Mary Louise Buley-Meissner is an associate professor of English, regularly teaches courses in Hmong American literature and life stories at the University of Wisconsin-Milwaukee. Her teaching and research focus on women's life stories across cultures. Her community service includes Hmong National Development board membership. With Vincent K. Her, she is co-editing an essay collection titled Choosing To Be Hmong and American: Re-envisioning Identity, Community and Culture in Modern Society.
Aaron Castelán Cargile is a professor of communication studies at California State University, Long Beach. His research focuses on language attitudes and the pedagogy of race and has most recently appeared in the Journal of International and Intercultural Communication and the International Encyclopedia of Communication.
Susan Hardwick is a professor of geography at the University of Oregon. Her research focuses on immigrant communities in North American cities. She is the author or co-author of nine books and numerous journal articles and book chapters. Her most recent book was published by The Brookings Institution in 2008.
Vincent K. Her is an assistant professor at the University of Wisconsin-La Crosse, teaches courses on ethnic and racial minorities, anthropology, and Hmong American history and culture. As a member of the "1.5 generation," he has witnessed and researched the complex changes that Hmong Americans have experienced in making the transition from being refugees to becoming U.S. citizens.
Russell Jeung is an associate professor of Asian American studies at San Francisco State University. He is the author of Faithful Generations: Race and New Asian American Churches (Rutgers University Press, 2004) and other articles on Asian American religions. [End Page 123]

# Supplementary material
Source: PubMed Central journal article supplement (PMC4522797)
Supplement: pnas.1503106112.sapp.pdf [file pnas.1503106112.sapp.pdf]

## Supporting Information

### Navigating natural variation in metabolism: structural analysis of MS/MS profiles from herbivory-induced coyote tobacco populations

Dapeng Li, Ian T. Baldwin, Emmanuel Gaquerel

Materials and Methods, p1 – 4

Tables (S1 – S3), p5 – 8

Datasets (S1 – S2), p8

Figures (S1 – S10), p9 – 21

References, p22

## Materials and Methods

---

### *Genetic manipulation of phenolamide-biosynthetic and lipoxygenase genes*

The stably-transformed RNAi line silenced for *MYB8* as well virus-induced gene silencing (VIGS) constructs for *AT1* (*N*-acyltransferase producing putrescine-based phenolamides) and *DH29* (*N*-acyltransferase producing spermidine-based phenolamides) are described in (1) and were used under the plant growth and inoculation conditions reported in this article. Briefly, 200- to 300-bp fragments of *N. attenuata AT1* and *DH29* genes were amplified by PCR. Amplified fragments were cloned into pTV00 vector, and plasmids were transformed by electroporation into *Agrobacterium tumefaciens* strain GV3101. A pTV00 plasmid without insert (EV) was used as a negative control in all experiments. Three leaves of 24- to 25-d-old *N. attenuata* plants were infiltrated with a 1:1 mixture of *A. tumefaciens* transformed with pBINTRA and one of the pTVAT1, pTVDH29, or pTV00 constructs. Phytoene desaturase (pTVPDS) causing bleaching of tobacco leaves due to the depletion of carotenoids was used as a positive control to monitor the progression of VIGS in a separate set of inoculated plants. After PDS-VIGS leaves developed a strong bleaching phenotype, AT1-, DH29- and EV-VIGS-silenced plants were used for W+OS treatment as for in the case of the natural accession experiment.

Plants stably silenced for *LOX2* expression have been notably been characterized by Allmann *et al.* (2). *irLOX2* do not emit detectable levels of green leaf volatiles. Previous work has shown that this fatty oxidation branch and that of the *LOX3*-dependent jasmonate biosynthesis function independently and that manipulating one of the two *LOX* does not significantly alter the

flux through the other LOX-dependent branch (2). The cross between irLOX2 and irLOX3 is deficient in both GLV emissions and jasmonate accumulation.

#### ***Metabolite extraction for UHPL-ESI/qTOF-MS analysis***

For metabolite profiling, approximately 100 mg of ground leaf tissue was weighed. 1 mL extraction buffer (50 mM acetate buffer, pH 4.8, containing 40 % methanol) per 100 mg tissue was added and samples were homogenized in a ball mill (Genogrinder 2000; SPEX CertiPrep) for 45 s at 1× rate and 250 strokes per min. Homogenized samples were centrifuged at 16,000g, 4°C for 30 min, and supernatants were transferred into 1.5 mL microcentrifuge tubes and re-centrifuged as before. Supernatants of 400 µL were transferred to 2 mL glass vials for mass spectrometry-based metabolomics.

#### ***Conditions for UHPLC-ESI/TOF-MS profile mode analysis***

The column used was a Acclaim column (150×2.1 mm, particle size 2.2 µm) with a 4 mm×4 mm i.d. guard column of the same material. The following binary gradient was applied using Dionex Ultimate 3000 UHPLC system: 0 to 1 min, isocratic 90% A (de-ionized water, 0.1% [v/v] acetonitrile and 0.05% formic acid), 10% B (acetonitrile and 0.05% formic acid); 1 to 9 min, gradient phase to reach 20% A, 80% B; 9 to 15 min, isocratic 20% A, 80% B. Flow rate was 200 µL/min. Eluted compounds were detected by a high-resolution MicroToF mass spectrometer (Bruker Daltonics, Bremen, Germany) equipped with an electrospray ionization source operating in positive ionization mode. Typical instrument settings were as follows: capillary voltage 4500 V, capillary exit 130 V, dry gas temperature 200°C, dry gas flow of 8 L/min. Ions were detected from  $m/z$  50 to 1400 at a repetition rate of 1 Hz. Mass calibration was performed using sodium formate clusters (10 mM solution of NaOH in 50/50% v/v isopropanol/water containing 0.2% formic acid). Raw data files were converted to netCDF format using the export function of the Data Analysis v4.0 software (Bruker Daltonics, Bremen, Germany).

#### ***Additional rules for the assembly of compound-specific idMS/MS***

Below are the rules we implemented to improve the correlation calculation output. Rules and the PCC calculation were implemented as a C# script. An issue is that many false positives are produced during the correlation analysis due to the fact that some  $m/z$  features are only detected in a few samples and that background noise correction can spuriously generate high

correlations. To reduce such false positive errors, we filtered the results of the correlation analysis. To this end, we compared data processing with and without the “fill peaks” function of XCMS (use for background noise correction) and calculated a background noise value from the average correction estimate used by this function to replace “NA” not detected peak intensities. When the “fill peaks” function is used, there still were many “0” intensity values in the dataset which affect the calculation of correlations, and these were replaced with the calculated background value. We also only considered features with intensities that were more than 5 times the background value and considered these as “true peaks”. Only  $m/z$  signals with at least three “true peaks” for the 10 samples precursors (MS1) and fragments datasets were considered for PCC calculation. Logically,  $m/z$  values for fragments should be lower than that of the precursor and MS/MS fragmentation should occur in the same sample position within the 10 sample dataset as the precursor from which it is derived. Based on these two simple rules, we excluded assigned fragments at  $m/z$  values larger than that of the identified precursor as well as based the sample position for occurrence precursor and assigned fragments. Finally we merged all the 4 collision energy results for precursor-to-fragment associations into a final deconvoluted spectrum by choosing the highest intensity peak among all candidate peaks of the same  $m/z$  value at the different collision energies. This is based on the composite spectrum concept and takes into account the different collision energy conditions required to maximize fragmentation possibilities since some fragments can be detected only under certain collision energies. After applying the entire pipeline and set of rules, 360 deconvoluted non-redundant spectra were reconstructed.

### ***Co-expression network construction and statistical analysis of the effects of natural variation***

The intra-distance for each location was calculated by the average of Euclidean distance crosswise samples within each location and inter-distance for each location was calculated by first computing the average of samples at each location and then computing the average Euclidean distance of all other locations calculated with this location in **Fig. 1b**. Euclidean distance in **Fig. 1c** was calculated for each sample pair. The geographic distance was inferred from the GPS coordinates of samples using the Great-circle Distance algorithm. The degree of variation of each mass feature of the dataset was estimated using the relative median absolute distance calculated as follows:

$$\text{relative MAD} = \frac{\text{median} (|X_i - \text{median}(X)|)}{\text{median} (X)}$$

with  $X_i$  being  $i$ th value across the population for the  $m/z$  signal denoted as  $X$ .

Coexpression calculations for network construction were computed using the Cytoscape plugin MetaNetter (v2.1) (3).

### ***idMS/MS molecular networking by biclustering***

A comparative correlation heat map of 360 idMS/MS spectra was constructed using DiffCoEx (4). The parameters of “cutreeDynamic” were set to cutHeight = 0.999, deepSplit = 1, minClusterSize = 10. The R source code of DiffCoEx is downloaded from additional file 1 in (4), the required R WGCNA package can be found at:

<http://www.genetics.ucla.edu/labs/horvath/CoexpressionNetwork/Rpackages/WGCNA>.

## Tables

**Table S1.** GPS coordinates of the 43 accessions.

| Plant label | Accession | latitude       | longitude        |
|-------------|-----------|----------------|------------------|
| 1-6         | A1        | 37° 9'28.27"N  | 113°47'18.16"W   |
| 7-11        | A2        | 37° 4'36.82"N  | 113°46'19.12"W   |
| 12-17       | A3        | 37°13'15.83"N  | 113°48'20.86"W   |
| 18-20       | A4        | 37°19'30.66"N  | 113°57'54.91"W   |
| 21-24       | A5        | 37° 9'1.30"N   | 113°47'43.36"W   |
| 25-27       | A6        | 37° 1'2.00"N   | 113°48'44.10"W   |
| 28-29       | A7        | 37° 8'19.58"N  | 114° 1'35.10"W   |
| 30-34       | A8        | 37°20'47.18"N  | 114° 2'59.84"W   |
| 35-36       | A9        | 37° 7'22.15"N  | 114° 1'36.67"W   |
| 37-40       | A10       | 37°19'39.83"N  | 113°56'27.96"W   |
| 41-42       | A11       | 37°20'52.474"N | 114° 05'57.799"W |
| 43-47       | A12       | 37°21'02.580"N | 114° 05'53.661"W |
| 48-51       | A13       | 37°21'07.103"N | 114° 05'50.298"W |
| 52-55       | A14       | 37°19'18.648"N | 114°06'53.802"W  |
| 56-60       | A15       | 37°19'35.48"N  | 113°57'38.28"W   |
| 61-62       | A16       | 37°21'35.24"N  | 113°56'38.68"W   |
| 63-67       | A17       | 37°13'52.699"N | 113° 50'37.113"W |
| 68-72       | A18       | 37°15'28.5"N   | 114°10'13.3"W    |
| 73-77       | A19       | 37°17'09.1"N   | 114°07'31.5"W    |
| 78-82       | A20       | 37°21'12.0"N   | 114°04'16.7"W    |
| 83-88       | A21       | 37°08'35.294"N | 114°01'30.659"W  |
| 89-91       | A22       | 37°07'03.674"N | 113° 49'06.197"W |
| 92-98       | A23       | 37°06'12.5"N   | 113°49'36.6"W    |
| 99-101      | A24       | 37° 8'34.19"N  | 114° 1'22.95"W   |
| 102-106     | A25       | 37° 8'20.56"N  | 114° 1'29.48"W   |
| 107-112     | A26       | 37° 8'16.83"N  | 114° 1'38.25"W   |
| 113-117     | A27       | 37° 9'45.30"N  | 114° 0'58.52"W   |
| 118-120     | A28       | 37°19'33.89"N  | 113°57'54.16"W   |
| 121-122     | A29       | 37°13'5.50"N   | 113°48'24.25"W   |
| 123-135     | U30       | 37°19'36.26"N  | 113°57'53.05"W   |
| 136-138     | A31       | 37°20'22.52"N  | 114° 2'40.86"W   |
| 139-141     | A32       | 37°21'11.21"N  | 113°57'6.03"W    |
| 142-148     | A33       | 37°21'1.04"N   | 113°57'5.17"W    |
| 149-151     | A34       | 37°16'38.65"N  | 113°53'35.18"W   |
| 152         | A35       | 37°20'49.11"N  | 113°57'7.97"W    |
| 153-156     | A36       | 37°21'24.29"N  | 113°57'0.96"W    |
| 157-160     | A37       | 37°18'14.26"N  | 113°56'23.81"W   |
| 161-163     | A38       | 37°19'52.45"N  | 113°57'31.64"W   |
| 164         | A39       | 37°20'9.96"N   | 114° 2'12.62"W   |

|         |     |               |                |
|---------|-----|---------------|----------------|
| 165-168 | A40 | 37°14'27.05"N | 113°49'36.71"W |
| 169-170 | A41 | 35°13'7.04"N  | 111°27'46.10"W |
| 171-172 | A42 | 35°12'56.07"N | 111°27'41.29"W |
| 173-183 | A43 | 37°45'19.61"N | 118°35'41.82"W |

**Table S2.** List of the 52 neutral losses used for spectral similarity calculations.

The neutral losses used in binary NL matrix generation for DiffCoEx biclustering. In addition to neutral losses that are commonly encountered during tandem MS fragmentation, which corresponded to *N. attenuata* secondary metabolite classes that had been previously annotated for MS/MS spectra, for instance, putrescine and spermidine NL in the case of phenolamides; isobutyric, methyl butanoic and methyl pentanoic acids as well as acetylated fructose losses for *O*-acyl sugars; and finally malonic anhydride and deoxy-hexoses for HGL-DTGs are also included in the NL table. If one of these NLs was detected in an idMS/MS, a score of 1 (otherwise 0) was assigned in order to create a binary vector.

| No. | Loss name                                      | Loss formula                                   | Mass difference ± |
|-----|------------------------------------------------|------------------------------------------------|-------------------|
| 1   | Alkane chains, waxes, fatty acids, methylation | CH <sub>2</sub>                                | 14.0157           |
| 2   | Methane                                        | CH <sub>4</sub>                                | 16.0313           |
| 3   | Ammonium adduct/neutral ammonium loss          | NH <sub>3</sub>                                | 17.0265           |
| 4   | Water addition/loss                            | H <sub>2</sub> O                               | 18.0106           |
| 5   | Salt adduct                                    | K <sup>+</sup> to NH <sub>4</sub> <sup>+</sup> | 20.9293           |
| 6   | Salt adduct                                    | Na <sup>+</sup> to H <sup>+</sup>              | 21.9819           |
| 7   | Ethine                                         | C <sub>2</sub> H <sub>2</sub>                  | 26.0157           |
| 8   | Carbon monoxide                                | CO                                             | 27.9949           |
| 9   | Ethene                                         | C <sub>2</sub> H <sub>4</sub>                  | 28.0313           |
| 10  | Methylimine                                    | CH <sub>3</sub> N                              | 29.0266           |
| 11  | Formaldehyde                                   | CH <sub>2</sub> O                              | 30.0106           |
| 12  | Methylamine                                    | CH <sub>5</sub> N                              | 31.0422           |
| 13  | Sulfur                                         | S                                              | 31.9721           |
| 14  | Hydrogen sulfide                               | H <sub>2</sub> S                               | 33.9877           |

Taeku Lee is a professor of political science and law at the University of California at Berkeley. He has written and co-edited numerous books on racial and ethnic politics, public opinion, and the politics of immigration. Lee is also a co-PI of the 2008 National Asian American Survey.
Eriko Maeda is assistant professor of communication studies at California State University, Long Beach. Her research focuses on the intersection of culture, identity, and interpersonal relationships.
Keith Quincy is the former chairman of the Government program at East Washington University. Trained in philosophy, political science, and economics, his books span many disciplines. His most recent books are Plato Unmasked (2005) and Der: A True Story (2007). He has just finished a book on the economy that will be available in early 2010.
José I. Rodríguez is a professor of communication studies at California State University, Long Beach. His research appears in Text & Performance Quarterly, Journal of Multilingual and Multicultural Development, The Western Journal of Black Studies, and Communication Activism: Communication for Social Change.
Marc D. Rich is an associate professor of communication studies/performance studies at California State University, Long Beach. His research interests include performance and social change and critical race theory. His performance troupe, interACT, produces sociopolitical shows throughout the U.S.
Jolie Alexandra Sheffer is an assistant professor of English and an affiliated faculty member of American Culture Studies at Bowling Green State University. Her research focuses on multiethnic American literature, popular culture, and national identity in the long twentieth century.
Linta Varghese is a visiting assistant professor of anthropology at Vassar College. Her work focuses on new subjectivities in the South Asian Disapora in the United States. She is currently working on a manuscript examining neoliberalsim and the emergence of "workers" and "entrepreneurs" in South Asian community formation in New York City.
Philip Q. Yang is a professor of sociology at Texas Woman's University. He is the author or editor of three books and numerous articles on immigration, racial and ethnic studies, Asian Americans/immigrants, Chinese Americans/immigrants, citizenship acquisition, and transnationalism. He just completed a book manuscript Asian immigration to the United States contracted with Polity Press. [End Page 124]
Linta Varghese is a visiting assistant professor in the Anthropology Department at Vassar College. Her work focuses on new subjectivities in the South Asian Disapora in the United States. She is currently working on a manuscript examining neoliberalsim and the emergence of "workers" and "entrepreneurs" in South Asian community formation in New York City. [End Page 125]